#21: Training wheels
Brother Paul was a self-proclaimed Native American, and what I mean by that is he wasn’t actually of Native American descent, but rather forged his entire identity based on stereotypes. He grew his hair out to his waist, walked around barefoot, and, in case you didn’t pick up on it, insisted we all call him “Brother Paul.”
Then, yesterday, I was walking down Main Street and all of a sudden I felt something slimy. This sounds crazy. I thought I had soiled myself. I ran into the hardware store and had Ed show me the bathroom, clenching my legs the whole time and I got to the bathroom and sat on the toilet and what I saw wasn’t what I thought it would be.
The bleakest, basest circle of YouTube hell is reserved for the amateur musicians audacious enough to bare their souls to the unlistening world. I’m not talking about the ones that garner attention for being impressively bad. I mean the here-goes-nothing guitarists who can’t link chords together.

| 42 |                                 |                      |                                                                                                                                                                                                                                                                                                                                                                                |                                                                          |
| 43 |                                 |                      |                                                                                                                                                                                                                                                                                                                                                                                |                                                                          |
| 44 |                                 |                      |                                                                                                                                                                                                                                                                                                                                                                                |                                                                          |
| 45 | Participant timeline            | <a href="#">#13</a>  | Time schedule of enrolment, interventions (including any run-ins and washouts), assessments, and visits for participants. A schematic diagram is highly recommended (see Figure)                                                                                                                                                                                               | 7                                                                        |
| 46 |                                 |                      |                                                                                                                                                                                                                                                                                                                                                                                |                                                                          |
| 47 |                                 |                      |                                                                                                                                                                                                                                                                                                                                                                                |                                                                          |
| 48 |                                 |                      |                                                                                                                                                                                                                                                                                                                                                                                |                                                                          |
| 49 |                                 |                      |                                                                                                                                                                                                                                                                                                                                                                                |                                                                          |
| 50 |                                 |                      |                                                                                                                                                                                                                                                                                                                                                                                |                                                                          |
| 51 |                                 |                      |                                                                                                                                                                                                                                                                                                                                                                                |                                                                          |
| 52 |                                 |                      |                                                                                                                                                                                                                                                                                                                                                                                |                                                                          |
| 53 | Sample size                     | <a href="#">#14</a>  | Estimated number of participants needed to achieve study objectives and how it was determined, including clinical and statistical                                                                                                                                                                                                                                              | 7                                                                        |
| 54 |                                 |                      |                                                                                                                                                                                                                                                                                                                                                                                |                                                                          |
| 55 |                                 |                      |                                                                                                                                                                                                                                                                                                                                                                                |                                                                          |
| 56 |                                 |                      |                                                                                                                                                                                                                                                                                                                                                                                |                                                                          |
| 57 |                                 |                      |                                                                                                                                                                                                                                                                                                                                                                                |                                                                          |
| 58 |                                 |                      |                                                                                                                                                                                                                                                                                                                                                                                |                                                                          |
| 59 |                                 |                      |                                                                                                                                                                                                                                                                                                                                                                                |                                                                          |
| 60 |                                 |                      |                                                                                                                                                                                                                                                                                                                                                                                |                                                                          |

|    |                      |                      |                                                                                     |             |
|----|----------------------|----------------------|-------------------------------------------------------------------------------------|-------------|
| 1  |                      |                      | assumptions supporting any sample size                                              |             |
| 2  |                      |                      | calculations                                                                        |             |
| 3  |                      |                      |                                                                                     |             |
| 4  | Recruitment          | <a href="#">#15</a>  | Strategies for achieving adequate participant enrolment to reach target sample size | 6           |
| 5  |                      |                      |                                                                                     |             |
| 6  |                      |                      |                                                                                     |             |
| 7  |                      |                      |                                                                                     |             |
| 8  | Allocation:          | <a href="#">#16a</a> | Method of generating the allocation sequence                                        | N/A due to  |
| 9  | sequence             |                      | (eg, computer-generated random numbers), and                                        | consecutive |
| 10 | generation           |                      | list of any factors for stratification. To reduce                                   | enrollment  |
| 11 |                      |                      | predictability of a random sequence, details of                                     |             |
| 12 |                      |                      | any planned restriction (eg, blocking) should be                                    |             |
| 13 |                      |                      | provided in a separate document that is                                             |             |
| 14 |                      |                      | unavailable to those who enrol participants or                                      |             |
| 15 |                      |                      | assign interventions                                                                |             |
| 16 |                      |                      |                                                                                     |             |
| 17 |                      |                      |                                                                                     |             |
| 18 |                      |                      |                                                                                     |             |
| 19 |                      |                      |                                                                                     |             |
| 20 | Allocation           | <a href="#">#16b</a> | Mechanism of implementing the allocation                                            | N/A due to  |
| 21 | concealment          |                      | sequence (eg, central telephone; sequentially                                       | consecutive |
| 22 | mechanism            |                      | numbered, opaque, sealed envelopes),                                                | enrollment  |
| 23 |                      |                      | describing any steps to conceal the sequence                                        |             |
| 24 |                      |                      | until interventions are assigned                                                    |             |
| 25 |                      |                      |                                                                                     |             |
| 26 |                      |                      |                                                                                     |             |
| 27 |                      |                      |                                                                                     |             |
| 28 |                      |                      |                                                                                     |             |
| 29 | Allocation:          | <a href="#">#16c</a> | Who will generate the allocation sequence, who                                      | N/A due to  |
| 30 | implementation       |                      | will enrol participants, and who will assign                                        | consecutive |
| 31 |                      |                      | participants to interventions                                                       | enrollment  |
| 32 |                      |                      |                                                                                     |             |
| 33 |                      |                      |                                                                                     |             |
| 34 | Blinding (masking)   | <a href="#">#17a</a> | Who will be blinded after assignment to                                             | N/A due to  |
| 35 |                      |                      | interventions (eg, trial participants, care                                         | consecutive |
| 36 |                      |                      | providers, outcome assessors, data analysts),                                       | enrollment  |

My friend Nicole is turning twenty in May. She doesn’t normally like to celebrate, but this year she wants to have a party themed Leaving Behind Adolescence. “I found a recipe online for mixed drinks incorporating Pop Rocks,” she tells me over lunch, “and we can put vodka into Capri Sun.”
I'm at least a little afraid that who I am now is who I will be for the rest of my life I find myself desperately trying to make sense of these things I do all the time, of these things that help define me in some small way. So I've been remembering a lot of firsts, writing a bit of personal history.
"When you were first diagnosed with ADHD we did not really understand what it meant. Of course we knew you had focusing issues, and that your legs were always in motion, and we used to joke about the fact that your perfect job would be working at McDonald’s, as all your school reports tended to mention that “you would do so much better if you weren’t looking out the window all the time."
I can’t even call myself a debater without provoking sneers or eye rolls from the self-appointed “real” debaters. Mostly males, they competed in Policy and Lincoln Douglas, CX and LD. There’s a hierarchy within Speech and Debate, and I, an extemper, represented the “softer” side.